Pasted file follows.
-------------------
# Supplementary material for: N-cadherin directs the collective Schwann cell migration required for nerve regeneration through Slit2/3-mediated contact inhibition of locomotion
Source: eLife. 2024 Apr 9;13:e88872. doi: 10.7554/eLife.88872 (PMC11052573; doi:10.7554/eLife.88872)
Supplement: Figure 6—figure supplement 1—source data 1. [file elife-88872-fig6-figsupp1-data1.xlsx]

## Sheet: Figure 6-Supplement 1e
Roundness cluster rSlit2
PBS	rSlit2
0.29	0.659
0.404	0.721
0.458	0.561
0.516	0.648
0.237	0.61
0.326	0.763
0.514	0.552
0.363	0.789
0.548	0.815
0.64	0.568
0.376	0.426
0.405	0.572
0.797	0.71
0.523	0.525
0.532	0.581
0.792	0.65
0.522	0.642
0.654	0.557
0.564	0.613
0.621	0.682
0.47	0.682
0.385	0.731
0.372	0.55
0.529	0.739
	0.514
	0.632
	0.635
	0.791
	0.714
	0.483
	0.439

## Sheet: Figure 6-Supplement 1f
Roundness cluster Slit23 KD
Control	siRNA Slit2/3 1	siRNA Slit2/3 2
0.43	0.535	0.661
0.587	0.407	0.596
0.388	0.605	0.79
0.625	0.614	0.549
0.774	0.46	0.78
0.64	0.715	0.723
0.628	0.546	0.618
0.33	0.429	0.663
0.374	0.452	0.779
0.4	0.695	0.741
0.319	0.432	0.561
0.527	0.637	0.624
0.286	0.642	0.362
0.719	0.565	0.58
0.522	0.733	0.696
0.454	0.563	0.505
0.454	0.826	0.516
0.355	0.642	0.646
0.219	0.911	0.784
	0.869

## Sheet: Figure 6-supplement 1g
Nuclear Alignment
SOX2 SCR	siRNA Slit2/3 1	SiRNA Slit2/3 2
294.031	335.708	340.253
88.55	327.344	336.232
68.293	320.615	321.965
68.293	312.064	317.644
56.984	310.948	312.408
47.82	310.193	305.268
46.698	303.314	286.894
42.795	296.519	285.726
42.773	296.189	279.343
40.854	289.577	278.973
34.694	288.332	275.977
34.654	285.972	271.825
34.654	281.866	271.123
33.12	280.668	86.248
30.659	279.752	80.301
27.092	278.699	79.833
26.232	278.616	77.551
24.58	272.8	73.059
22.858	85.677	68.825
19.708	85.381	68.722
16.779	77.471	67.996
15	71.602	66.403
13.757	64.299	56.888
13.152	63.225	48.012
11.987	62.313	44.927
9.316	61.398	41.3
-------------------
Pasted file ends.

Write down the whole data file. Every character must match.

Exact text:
# Supplementary material for: N-cadherin directs the collective Schwann cell migration required for nerve regeneration through Slit2/3-mediated contact inhibition of locomotion
Source: eLife. 2024 Apr 9;13:e88872. doi: 10.7554/eLife.88872 (PMC11052573; doi:10.7554/eLife.88872)
Supplement: Figure 6—figure supplement 1—source data 1. [file elife-88872-fig6-figsupp1-data1.xlsx]

## Sheet: Figure 6-Supplement 1e
Roundness cluster rSlit2
PBS	rSlit2
0.29	0.659
0.404	0.721
0.458	0.561
0.516	0.648
0.237	0.61
0.326	0.763
0.514	0.552
0.363	0.789
0.548	0.815
0.64	0.568
0.376	0.426
0.405	0.572
0.797	0.71
0.523	0.525
0.532	0.581
0.792	0.65
0.522	0.642
0.654	0.557
0.564	0.613
0.621	0.682
0.47	0.682
0.385	0.731
0.372	0.55
0.529	0.739
	0.514
	0.632
	0.635
	0.791
	0.714
	0.483
	0.439

## Sheet: Figure 6-Supplement 1f
Roundness cluster Slit23 KD
Control	siRNA Slit2/3 1	siRNA Slit2/3 2
0.43	0.535	0.661
0.587	0.407	0.596
0.388	0.605	0.79
0.625	0.614	0.549
0.774	0.46	0.78
0.64	0.715	0.723
0.628	0.546	0.618
0.33	0.429	0.663
0.374	0.452	0.779
0.4	0.695	0.741
0.319	0.432	0.561
0.527	0.637	0.624
0.286	0.642	0.362
0.719	0.565	0.58
0.522	0.733	0.696
0.454	0.563	0.505
0.454	0.826	0.516
0.355	0.642	0.646
0.219	0.911	0.784
	0.869

## Sheet: Figure 6-supplement 1g
Nuclear Alignment
SOX2 SCR	siRNA Slit2/3 1	SiRNA Slit2/3 2
294.031	335.708	340.253
88.55	327.344	336.232
68.293	320.615	321.965
68.293	312.064	317.644
56.984	310.948	312.408
47.82	310.193	305.268
46.698	303.314	286.894
42.795	296.519	285.726
42.773	296.189	279.343
40.854	289.577	278.973
34.694	288.332	275.977
34.654	285.972	271.825
34.654	281.866	271.123
33.12	280.668	86.248
30.659	279.752	80.301
27.092	278.699	79.833
26.232	278.616	77.551
24.58	272.8	73.059
22.858	85.677	68.825
19.708	85.381	68.722
16.779	77.471	67.996
15	71.602	66.403
13.757	64.299	56.888
13.152	63.225	48.012
11.987	62.313	44.927
9.316	61.398	41.3